*Most of the European proposals on specific issues were adopted at WRC-2000.
*All Member States and most non-EU CEPT countries adhered in general to the co-ordination guidelines of the CEPT  which had been defined before the conference to improve the regional organisation's effectiveness at WRC-2000.
 CPG 2000-7, (2000) 66, Annex VI.
*CEPT undertook a sustained effort to approximate regional proposals prior to and during the conference with its counterparts, such as CITEL (Americas), APT (Asia-Pacific) and the Arab countries. Such approximation helped to prepare for acceptable compromises and led to the ultimately successful outcome of the conference. A significant factor in the conference's success was CEPT's systematic approach in opening up its preparations for WRC-2000 proceedings to all groups of interest and to third-country observers, an attitude replicated to a lesser extent by other regional organisations.
*European industry was involved in the negotiations to a greater degree than at previous conferences, via its substantial participation in national delegations and its effective, well-targeted lobbying activities. Its constructive role in the negotiations and its support for overall CEPT positions were evident .
 Since the end of the conference, a number of industrial organisations and trade associations have openly declared their satisfaction with the results of WRC-2000.
Within the context of an overall positive result, CEPT co-ordination did encounter a number of challenges during the negotiations, mainly because the disparate national interests of European delegations on specific issues cannot always be completely supported by the CEPT negotiating positions, which themselves are compromises emanating from internal discussions. In addition, some European delegations were numerically unable to cover all the negotiations in the conference, and had therefore to rely to a certain extent on the larger CEPT delegations for feedback and input. Also, the necessity to negotiate during the conference with other regional entities required CEPT to put in place ad hoc steering groups. Because of this, some small delegations and observer organisations had difficulty in understanding whether shifts of position expressed by other CEPT delegates in formal WRC sessions actually reflected a new agreed position within CEPT or simply that particular delegation's point of view.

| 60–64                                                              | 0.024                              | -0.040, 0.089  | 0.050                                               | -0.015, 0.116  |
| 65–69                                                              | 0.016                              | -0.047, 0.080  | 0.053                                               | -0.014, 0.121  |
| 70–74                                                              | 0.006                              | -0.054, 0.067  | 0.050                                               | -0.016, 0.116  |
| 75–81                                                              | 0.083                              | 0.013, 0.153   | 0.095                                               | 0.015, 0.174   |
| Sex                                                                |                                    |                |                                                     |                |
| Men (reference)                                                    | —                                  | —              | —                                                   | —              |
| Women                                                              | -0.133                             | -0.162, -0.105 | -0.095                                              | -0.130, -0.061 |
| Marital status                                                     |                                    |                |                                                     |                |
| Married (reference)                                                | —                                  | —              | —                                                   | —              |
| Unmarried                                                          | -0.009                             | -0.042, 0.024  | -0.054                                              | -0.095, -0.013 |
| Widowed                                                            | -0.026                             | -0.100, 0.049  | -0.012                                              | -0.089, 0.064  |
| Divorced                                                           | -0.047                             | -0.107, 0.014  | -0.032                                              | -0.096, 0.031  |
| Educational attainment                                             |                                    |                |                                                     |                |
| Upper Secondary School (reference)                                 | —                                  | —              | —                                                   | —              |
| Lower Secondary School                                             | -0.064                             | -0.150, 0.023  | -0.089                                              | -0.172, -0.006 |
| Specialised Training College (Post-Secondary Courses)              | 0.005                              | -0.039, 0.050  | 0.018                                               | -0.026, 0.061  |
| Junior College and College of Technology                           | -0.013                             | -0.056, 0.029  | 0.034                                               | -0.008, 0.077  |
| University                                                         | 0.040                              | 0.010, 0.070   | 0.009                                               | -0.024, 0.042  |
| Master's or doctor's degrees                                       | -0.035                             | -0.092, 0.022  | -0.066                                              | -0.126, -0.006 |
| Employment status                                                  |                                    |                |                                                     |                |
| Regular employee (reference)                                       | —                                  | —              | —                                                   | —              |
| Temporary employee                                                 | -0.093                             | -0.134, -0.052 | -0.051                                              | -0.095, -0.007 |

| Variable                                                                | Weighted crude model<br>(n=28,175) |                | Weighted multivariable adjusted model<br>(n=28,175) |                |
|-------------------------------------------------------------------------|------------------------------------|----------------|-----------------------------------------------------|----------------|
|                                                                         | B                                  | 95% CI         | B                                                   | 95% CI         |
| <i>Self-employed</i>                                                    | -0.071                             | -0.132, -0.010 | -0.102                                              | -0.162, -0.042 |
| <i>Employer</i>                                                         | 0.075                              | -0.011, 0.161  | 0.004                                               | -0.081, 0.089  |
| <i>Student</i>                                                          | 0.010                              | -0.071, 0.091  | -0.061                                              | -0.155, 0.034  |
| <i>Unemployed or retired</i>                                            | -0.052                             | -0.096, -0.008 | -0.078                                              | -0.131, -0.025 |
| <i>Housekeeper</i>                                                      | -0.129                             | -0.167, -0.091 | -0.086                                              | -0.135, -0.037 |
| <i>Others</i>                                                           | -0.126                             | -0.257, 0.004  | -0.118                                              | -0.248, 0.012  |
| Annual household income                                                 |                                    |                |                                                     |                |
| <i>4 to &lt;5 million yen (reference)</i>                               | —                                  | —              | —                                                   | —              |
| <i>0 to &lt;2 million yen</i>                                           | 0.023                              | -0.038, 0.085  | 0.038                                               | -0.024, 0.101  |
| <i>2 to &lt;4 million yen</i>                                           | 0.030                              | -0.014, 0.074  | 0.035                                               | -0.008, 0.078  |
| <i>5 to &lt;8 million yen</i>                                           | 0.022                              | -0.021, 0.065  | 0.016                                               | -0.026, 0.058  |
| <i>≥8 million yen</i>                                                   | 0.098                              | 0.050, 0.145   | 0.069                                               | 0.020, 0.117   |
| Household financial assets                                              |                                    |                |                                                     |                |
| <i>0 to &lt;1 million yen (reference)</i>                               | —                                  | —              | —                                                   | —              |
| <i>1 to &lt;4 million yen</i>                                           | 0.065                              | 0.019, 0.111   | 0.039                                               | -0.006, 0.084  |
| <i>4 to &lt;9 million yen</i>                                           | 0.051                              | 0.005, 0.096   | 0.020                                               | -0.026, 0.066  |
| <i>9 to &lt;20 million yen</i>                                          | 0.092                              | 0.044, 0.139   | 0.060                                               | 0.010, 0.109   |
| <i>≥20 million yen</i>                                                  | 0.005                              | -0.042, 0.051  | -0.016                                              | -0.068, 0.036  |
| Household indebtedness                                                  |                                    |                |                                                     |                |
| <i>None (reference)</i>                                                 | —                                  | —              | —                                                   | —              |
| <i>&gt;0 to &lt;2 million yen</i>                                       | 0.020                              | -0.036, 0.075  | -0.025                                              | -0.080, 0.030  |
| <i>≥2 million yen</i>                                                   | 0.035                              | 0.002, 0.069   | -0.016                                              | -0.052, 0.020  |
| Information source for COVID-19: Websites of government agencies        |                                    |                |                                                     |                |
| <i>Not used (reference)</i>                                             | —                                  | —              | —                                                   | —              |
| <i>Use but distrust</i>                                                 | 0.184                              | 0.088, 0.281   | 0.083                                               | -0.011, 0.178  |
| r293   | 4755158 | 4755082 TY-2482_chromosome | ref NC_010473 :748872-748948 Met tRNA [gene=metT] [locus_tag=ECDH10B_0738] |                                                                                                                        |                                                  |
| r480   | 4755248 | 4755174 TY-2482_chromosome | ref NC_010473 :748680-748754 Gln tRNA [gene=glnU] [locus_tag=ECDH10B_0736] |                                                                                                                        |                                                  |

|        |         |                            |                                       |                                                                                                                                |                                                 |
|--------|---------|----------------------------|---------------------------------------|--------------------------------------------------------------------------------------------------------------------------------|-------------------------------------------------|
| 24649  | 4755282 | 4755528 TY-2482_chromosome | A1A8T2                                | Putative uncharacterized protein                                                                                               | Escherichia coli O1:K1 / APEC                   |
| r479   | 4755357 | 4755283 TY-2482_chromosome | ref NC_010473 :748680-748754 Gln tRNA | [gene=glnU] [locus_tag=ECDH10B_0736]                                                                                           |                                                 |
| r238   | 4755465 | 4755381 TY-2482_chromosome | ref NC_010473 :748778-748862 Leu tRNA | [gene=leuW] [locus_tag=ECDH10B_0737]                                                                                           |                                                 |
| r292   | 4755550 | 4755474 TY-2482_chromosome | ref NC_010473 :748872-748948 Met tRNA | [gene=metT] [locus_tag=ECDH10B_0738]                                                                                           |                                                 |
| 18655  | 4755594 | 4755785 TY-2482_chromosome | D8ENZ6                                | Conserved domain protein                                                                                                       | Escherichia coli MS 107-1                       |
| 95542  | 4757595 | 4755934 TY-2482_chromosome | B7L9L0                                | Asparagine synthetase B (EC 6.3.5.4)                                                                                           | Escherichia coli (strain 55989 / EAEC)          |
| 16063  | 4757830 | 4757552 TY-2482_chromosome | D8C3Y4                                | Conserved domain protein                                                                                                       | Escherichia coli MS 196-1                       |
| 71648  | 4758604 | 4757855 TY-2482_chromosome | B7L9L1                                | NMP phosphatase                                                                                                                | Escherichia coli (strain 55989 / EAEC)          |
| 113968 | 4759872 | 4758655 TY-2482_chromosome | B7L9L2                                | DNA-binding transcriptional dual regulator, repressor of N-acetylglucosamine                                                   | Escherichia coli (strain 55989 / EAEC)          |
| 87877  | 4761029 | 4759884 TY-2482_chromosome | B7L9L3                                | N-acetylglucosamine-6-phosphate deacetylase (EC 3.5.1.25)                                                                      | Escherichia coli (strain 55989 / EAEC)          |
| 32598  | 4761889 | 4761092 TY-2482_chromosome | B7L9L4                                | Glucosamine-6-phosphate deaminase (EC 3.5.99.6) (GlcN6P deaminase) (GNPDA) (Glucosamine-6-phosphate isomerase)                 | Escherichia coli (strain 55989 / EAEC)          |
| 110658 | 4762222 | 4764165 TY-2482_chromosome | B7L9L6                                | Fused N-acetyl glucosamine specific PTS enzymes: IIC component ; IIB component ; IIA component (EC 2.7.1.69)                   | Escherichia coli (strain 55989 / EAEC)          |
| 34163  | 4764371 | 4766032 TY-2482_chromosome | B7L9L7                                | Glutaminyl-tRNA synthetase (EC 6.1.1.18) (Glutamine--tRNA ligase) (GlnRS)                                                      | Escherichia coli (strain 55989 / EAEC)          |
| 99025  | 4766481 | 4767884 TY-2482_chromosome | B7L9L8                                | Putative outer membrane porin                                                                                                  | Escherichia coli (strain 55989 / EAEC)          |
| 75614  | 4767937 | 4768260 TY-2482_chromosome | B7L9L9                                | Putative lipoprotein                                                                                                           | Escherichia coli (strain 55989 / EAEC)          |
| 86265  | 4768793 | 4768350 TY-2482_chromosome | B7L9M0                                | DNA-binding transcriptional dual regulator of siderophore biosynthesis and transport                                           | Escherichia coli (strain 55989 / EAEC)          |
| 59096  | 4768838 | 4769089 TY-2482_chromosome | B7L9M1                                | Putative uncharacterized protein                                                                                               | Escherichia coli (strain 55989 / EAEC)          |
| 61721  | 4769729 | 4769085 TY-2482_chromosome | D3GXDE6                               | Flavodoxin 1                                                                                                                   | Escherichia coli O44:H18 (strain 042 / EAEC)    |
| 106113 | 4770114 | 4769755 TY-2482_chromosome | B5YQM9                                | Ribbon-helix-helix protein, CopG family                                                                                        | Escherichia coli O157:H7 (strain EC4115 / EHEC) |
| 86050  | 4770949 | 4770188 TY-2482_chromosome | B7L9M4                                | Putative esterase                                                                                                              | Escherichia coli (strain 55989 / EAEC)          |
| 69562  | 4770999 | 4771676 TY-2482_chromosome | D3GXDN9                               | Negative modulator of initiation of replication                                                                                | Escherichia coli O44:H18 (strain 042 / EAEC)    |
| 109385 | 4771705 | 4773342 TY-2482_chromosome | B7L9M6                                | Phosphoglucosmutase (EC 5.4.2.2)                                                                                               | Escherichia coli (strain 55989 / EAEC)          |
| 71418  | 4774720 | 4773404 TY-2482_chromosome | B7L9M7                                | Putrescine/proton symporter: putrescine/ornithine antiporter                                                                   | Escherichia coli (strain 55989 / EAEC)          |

Overall, operational difficulties such as these were bound to arise in a group of 43 delegations over four weeks of negotiations, and the good results obtained by Europe at WRC-2000 indicate that these difficulties were ultimately manageable through the CEPT framework.
5. Looking ahead to WRC-03
One of the tasks of WRC-2000 was to define an agenda for the next World Radiocommunications Conference, due to take place in 2003. A long list of topics was agreed upon for WRC-03 - some 35 specific items, together with 7 administrative activities - and successfully submitted to the subsequent formal approval of the ITU Council.